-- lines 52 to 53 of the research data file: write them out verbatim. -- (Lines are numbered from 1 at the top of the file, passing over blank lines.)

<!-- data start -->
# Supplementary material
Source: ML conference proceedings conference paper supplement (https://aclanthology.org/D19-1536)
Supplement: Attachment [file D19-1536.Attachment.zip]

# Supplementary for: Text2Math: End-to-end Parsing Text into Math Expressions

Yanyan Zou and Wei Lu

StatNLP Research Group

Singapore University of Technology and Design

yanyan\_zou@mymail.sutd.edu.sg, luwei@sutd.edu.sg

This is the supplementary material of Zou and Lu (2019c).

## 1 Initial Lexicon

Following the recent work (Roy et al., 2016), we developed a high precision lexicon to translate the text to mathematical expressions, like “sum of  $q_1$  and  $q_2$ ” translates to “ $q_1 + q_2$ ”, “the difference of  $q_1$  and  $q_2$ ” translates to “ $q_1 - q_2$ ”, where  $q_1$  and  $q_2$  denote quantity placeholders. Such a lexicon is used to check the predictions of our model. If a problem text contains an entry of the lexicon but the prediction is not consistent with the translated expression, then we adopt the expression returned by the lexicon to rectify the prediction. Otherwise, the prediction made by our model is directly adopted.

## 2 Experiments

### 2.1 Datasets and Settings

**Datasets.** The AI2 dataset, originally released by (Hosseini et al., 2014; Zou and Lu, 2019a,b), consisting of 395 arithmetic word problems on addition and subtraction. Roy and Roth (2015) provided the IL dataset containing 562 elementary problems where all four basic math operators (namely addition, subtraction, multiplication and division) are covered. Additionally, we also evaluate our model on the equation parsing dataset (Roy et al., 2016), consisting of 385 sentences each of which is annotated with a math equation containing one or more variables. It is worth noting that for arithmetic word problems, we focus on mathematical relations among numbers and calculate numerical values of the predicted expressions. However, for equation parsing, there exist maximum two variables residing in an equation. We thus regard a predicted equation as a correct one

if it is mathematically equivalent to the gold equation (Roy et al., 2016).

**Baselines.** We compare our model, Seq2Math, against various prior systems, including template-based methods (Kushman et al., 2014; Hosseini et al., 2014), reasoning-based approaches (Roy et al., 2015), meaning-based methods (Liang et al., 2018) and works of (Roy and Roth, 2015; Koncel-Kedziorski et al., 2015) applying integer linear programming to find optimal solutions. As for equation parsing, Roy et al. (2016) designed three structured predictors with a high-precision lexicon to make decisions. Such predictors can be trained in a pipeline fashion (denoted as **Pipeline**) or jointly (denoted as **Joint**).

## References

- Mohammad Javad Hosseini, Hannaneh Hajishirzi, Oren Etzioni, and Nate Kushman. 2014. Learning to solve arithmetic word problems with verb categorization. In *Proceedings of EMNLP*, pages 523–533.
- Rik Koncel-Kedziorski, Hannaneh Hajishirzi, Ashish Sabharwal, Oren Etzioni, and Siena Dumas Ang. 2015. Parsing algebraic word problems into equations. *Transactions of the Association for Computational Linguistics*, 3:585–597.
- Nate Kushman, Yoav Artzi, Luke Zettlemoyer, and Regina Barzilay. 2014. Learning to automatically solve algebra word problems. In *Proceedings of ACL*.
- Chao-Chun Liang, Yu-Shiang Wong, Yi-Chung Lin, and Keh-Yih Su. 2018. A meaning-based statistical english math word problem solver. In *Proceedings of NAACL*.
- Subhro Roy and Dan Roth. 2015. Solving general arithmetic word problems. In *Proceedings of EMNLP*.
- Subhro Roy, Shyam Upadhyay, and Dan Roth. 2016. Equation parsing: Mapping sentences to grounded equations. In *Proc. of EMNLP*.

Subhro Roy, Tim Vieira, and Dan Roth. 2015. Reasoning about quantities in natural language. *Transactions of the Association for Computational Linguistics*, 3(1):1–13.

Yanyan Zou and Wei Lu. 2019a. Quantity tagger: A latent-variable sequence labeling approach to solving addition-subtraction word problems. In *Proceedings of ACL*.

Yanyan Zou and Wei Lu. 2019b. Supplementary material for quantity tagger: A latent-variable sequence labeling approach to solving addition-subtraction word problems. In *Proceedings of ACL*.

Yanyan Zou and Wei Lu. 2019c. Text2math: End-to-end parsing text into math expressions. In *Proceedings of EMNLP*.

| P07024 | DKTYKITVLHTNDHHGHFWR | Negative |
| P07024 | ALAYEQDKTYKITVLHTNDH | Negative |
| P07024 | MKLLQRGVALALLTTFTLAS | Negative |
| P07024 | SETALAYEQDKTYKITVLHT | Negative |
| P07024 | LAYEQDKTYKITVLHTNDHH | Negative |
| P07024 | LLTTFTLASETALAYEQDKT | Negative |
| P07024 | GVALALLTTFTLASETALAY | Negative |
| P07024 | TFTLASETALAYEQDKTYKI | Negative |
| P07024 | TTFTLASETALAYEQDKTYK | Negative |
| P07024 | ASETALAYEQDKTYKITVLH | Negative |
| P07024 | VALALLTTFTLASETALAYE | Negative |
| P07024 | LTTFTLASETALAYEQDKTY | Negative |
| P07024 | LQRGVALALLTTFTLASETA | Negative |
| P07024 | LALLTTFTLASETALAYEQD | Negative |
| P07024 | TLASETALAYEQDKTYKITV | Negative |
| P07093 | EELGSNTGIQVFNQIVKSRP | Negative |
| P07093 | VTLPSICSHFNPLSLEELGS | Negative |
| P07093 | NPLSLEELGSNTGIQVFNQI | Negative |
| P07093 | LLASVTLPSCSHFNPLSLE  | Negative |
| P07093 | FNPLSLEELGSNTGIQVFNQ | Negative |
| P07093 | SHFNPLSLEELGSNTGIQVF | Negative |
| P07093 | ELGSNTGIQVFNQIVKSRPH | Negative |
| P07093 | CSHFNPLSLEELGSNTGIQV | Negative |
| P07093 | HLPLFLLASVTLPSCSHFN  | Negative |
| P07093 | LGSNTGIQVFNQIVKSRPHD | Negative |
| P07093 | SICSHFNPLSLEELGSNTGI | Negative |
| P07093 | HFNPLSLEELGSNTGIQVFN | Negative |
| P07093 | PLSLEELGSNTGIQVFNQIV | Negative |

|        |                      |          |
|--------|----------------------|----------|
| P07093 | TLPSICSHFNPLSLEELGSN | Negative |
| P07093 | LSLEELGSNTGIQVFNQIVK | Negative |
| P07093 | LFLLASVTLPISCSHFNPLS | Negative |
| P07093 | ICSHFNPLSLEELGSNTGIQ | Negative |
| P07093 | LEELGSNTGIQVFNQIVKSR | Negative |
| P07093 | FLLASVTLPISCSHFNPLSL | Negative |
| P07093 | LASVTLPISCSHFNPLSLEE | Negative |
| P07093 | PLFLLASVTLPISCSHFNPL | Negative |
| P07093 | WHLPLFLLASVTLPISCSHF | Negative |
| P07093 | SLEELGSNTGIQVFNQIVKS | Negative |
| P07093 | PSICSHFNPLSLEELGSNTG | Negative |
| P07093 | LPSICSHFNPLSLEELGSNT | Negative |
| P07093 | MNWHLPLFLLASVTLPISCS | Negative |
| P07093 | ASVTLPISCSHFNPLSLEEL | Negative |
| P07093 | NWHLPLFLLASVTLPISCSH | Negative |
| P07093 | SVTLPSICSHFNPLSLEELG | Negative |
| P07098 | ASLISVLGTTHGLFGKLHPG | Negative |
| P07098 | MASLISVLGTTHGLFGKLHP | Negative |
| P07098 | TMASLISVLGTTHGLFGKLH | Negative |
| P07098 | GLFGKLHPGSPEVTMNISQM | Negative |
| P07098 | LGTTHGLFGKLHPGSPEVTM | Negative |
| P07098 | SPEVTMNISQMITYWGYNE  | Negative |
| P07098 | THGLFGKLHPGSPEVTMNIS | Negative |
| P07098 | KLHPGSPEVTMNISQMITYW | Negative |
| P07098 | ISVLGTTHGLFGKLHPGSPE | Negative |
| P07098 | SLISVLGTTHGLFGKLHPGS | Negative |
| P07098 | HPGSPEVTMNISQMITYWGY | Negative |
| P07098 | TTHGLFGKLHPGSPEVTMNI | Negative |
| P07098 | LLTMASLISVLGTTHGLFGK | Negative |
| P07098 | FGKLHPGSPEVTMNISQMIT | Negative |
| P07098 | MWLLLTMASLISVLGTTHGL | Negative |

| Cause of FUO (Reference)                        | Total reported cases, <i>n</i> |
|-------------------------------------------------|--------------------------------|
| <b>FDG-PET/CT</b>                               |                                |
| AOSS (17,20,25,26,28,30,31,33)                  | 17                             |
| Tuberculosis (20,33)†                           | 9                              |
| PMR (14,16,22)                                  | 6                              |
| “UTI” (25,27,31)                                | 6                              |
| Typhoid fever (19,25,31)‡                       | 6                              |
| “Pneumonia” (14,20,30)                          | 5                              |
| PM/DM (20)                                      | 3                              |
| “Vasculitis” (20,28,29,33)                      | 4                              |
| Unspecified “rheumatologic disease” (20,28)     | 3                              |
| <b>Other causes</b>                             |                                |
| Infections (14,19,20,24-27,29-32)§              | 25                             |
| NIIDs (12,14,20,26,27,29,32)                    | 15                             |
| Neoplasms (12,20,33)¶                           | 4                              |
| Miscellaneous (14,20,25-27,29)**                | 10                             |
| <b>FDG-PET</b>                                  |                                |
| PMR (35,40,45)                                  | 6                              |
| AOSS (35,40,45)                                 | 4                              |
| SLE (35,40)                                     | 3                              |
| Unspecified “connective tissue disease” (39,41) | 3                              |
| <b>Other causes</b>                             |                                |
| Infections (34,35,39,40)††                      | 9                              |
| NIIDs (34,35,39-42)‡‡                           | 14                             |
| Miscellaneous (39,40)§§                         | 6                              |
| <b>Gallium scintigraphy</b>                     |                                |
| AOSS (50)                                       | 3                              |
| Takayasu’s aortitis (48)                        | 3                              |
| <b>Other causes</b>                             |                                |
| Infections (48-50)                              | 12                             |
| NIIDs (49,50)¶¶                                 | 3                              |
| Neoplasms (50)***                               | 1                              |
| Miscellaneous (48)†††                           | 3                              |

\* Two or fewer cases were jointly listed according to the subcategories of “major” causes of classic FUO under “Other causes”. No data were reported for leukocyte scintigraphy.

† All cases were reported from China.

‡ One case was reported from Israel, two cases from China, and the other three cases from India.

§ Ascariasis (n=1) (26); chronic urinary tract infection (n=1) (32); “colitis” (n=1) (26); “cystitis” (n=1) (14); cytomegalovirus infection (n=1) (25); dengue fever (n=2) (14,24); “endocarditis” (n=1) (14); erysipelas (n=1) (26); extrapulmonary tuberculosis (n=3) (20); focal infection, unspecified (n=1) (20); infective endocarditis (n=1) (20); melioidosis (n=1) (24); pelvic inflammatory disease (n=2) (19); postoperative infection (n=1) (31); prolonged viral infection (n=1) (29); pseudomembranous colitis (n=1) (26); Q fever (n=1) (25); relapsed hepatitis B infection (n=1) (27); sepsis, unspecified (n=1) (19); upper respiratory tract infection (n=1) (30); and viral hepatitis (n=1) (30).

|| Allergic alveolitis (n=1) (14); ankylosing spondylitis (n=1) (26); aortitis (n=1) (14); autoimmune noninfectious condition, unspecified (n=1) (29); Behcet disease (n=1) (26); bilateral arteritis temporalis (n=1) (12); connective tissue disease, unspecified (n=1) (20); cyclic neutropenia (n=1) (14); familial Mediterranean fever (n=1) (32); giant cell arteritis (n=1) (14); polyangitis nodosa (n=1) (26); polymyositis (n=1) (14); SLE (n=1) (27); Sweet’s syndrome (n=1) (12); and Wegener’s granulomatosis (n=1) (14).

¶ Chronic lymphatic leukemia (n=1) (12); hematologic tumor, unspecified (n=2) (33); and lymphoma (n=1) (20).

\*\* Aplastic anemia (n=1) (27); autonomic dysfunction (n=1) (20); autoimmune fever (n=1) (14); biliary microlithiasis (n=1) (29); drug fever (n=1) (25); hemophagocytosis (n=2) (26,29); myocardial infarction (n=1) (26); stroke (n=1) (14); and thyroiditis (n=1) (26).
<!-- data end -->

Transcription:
| P07093 | LGSNTGIQVFNQIVKSRPHD | Negative |
| P07093 | SICSHFNPLSLEELGSNTGI | Negative |